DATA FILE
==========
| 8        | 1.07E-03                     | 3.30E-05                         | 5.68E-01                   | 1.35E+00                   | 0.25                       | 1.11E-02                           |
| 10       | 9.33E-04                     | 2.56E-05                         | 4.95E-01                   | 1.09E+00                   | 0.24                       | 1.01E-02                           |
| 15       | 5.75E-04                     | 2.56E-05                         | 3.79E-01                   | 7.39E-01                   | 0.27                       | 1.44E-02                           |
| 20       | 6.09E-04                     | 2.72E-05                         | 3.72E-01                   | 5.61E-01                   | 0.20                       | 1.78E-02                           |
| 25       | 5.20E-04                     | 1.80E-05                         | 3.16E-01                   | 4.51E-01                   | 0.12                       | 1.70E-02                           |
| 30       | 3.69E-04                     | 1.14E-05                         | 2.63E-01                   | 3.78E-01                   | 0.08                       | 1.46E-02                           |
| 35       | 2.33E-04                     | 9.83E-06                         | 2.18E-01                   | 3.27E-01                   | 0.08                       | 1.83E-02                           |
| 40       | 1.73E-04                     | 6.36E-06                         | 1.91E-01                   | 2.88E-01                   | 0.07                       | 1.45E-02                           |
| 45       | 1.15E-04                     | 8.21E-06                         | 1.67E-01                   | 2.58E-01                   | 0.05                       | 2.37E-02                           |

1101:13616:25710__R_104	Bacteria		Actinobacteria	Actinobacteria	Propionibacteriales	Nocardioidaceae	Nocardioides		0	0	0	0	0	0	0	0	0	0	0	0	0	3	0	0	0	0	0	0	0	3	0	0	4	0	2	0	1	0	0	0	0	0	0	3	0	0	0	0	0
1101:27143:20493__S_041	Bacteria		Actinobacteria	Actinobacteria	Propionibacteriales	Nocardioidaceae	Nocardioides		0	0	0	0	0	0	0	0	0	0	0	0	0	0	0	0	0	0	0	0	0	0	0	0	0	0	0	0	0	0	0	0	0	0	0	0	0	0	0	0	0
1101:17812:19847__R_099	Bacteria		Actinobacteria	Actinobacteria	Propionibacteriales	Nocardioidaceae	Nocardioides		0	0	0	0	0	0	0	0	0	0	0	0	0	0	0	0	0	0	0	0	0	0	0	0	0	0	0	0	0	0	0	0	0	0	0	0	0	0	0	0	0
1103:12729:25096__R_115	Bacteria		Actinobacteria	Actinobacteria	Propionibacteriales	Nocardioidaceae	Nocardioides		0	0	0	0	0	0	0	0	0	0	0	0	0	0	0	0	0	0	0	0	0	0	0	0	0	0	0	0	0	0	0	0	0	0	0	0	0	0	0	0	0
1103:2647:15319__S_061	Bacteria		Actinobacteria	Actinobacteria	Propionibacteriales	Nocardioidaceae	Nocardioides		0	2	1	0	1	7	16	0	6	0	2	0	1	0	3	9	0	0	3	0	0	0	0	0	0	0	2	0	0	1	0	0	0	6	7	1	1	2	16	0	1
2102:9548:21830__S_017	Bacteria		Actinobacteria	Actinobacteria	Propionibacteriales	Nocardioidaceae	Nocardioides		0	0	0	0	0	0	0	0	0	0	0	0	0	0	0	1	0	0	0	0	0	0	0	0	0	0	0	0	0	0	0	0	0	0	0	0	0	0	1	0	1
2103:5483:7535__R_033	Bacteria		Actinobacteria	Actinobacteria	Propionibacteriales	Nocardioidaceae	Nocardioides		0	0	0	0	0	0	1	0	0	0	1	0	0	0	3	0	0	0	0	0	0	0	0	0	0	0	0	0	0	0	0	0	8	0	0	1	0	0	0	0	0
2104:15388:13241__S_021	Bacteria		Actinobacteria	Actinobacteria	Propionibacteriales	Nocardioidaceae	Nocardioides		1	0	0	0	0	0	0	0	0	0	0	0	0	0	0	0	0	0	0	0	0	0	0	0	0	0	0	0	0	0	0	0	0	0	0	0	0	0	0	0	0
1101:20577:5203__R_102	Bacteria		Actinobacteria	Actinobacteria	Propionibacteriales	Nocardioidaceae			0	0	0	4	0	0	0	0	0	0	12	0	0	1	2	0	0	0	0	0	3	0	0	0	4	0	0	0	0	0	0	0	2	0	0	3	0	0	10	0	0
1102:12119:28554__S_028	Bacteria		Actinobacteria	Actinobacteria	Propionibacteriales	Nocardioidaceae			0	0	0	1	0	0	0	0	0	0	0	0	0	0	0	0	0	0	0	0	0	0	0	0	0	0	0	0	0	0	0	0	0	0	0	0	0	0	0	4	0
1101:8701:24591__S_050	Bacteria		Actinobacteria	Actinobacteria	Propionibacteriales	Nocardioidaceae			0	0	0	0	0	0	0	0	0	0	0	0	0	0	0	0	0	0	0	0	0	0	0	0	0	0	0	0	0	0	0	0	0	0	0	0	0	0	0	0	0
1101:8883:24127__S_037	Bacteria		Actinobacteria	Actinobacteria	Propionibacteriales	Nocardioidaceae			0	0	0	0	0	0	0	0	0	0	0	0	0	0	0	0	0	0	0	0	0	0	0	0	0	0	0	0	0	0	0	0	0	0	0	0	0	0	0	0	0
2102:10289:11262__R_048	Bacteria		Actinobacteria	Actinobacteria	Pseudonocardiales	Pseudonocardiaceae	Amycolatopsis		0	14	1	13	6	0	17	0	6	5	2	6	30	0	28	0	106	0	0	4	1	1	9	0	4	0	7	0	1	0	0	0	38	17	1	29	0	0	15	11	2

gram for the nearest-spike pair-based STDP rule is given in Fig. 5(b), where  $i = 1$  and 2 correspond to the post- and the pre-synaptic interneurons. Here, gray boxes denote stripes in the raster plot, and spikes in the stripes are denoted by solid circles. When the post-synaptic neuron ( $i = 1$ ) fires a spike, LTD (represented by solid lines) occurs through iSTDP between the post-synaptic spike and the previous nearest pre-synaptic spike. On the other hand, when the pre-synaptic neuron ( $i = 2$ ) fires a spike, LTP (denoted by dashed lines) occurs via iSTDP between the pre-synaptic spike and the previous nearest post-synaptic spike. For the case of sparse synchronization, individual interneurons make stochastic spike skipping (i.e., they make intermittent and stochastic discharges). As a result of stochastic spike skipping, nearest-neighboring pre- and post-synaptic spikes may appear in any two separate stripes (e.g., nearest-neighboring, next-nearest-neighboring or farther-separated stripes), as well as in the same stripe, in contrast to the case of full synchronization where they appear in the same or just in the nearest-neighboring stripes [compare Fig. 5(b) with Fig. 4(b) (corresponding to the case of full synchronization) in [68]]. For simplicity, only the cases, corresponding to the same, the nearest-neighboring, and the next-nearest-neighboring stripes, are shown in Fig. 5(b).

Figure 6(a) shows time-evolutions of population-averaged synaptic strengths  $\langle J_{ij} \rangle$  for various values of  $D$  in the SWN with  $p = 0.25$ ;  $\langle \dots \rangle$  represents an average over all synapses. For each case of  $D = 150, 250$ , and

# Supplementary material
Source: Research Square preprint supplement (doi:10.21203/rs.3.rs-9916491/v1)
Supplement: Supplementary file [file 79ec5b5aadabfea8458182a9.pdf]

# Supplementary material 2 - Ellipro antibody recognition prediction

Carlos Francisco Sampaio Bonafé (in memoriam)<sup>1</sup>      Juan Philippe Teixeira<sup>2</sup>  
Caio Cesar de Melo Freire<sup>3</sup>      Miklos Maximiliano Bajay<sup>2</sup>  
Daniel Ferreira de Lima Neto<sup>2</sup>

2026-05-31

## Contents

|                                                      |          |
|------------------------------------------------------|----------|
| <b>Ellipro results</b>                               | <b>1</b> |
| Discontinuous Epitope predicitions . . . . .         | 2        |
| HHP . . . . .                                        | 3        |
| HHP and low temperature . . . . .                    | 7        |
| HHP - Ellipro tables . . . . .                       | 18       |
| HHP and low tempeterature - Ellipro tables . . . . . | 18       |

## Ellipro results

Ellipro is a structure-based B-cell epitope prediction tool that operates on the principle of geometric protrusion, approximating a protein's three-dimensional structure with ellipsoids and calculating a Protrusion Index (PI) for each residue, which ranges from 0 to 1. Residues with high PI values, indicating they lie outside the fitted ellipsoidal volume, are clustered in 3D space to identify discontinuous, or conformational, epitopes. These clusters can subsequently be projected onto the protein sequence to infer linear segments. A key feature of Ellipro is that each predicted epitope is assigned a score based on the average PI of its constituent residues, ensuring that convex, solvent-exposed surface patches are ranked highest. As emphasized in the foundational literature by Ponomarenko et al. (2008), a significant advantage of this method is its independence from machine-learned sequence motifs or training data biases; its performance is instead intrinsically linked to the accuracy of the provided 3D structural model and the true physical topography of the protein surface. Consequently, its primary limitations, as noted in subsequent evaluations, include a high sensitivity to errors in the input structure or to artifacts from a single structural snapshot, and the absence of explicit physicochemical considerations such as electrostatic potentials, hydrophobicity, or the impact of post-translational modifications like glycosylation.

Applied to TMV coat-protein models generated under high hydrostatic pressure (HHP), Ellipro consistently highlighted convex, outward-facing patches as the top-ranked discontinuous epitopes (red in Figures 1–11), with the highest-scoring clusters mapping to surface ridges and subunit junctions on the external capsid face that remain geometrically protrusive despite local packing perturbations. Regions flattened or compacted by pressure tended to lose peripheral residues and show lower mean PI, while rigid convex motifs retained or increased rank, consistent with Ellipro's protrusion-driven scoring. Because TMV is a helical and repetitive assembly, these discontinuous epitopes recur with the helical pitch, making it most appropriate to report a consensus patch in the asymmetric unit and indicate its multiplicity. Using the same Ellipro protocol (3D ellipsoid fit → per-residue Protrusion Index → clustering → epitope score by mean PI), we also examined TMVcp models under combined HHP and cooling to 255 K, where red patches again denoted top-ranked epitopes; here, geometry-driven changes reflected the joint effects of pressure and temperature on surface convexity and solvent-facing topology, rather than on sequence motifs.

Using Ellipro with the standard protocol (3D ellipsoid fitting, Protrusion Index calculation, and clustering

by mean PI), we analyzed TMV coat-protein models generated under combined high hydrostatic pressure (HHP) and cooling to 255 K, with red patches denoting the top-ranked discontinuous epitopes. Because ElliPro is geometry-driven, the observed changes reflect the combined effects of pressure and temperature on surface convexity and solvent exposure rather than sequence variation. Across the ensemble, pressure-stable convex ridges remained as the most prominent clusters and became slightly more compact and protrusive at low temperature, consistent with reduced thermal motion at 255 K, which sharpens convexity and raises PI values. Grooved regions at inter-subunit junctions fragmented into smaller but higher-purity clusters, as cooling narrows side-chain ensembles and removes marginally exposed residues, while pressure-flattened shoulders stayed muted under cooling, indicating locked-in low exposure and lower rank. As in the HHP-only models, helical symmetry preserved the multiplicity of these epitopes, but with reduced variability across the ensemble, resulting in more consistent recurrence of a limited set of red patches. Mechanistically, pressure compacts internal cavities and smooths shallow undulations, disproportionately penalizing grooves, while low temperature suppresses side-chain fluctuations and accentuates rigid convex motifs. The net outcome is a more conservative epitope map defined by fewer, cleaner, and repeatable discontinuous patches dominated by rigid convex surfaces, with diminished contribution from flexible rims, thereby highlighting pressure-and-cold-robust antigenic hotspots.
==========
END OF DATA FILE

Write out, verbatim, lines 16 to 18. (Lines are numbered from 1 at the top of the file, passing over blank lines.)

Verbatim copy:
2103:5483:7535__R_033	Bacteria		Actinobacteria	Actinobacteria	Propionibacteriales	Nocardioidaceae	Nocardioides		0	0	0	0	0	0	1	0	0	0	1	0	0	0	3	0	0	0	0	0	0	0	0	0	0	0	0	0	0	0	0	0	8	0	0	1	0	0	0	0	0
2104:15388:13241__S_021	Bacteria		Actinobacteria	Actinobacteria	Propionibacteriales	Nocardioidaceae	Nocardioides		1	0	0	0	0	0	0	0	0	0	0	0	0	0	0	0	0	0	0	0	0	0	0	0	0	0	0	0	0	0	0	0	0	0	0	0	0	0	0	0	0
1101:20577:5203__R_102	Bacteria		Actinobacteria	Actinobacteria	Propionibacteriales	Nocardioidaceae			0	0	0	4	0	0	0	0	0	0	12	0	0	1	2	0	0	0	0	0	3	0	0	0	4	0	0	0	0	0	0	0	2	0	0	3	0	0	10	0	0